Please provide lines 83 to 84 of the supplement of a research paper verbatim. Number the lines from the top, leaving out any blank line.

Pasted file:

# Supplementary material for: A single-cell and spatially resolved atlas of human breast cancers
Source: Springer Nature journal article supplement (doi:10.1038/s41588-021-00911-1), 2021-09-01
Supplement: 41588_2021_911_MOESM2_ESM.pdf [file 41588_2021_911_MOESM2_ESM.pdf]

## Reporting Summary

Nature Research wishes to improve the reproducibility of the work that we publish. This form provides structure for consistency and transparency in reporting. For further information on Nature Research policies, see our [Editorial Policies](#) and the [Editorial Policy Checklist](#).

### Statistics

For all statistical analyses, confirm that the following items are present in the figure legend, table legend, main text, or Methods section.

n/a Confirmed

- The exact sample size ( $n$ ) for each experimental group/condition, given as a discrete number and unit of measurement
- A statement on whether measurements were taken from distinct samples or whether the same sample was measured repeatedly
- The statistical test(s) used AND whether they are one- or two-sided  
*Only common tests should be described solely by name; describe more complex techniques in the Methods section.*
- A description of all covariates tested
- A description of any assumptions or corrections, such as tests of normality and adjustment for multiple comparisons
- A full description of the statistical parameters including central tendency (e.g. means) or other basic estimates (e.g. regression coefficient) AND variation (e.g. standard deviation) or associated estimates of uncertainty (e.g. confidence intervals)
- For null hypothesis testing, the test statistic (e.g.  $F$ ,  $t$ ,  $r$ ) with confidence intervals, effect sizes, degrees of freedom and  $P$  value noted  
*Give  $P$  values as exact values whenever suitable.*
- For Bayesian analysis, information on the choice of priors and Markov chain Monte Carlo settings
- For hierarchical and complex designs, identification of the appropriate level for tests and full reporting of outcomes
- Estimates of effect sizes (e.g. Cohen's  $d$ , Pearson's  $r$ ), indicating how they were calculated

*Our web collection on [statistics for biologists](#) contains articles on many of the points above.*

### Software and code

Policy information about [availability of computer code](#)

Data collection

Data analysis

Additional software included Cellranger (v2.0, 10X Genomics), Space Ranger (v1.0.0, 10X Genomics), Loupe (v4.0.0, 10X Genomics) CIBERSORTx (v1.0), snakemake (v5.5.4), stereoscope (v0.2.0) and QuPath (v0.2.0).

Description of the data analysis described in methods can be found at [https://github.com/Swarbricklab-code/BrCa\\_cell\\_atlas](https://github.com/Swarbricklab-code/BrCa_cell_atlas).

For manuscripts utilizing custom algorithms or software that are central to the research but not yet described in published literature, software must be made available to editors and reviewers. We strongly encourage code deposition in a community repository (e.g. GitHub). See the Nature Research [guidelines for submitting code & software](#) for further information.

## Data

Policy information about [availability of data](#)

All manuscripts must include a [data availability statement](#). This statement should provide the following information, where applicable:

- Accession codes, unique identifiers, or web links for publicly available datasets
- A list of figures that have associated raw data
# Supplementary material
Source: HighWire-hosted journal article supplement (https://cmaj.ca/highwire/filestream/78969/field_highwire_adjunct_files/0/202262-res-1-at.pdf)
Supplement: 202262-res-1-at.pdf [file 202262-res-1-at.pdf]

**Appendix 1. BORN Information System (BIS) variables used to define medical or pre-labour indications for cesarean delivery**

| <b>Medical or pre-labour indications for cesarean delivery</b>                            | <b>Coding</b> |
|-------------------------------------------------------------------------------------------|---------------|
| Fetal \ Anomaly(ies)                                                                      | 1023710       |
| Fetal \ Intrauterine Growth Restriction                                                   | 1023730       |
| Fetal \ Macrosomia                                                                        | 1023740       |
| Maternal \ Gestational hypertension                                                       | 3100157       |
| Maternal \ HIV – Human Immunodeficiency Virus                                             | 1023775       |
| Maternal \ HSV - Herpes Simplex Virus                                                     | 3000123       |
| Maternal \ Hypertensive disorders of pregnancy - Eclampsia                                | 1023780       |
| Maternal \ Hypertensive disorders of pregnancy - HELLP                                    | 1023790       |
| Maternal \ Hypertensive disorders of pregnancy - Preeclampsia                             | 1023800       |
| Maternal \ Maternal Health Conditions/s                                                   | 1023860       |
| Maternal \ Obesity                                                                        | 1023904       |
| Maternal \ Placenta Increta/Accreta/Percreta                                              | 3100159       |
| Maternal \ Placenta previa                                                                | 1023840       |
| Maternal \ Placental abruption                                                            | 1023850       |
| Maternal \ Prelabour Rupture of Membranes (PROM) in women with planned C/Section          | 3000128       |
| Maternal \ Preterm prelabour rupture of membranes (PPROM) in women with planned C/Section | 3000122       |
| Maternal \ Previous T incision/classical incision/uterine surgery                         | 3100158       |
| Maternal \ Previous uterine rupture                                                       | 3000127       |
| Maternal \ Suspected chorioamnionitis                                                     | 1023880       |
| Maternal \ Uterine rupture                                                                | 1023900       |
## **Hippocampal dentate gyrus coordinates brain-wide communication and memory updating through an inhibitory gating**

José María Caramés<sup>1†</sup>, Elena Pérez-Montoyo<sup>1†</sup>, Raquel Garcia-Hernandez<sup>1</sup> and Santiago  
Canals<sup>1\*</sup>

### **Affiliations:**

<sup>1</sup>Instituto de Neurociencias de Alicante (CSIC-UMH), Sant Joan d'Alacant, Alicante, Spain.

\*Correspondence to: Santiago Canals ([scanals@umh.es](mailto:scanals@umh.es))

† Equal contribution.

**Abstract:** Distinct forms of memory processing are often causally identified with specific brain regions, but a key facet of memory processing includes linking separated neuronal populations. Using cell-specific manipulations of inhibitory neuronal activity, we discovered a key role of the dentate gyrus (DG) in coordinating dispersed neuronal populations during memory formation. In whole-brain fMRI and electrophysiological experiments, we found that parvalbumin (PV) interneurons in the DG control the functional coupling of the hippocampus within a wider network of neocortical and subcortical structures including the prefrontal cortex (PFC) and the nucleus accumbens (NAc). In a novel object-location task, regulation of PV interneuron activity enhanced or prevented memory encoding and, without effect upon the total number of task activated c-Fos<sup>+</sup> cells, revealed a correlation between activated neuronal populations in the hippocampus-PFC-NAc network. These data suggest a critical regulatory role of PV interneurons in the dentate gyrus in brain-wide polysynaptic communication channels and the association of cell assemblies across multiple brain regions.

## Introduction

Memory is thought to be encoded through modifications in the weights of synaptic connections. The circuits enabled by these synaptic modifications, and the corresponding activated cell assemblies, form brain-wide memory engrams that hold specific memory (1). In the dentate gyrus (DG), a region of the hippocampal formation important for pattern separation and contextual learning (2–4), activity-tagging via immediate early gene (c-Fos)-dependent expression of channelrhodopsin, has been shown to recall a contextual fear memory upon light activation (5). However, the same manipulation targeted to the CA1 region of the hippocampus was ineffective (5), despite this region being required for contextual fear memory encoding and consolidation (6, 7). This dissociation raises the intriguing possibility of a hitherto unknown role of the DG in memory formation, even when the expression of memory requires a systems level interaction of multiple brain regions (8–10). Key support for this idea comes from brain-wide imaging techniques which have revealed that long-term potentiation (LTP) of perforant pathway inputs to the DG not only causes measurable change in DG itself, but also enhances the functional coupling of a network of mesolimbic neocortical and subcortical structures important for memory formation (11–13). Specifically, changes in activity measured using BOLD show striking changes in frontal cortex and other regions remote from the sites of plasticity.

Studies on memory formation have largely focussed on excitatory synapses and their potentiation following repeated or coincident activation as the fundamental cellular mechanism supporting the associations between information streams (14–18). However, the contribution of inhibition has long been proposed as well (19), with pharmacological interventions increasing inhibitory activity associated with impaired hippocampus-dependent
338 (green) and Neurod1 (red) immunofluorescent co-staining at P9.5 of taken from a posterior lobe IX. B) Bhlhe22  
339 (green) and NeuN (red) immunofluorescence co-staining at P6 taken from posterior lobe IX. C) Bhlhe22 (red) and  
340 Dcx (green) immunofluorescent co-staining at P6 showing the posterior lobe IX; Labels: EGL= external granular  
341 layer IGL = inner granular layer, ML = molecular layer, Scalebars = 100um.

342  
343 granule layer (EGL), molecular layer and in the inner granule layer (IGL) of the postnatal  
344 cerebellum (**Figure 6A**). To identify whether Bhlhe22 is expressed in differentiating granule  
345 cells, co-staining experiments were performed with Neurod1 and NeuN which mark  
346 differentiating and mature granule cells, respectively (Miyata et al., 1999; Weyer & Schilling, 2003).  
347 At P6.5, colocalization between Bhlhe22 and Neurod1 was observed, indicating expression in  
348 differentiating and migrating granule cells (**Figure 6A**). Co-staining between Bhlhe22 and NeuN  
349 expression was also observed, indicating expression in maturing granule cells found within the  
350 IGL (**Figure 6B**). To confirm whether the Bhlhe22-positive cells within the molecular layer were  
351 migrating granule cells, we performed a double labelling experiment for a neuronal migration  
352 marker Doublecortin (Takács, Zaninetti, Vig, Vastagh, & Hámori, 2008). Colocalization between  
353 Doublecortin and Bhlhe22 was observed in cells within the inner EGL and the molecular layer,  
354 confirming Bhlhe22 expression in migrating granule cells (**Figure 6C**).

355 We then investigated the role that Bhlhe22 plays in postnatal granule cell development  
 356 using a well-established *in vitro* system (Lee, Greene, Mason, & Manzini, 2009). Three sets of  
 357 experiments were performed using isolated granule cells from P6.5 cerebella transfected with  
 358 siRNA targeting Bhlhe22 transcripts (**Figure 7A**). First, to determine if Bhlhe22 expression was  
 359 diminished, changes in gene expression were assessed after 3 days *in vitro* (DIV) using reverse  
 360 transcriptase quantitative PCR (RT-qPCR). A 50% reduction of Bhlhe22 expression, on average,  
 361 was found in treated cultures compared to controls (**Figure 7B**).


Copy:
350 IGL (**Figure 6B**). To confirm whether the Bhlhe22-positive cells within the molecular layer were  
351 migrating granule cells, we performed a double labelling experiment for a neuronal migration  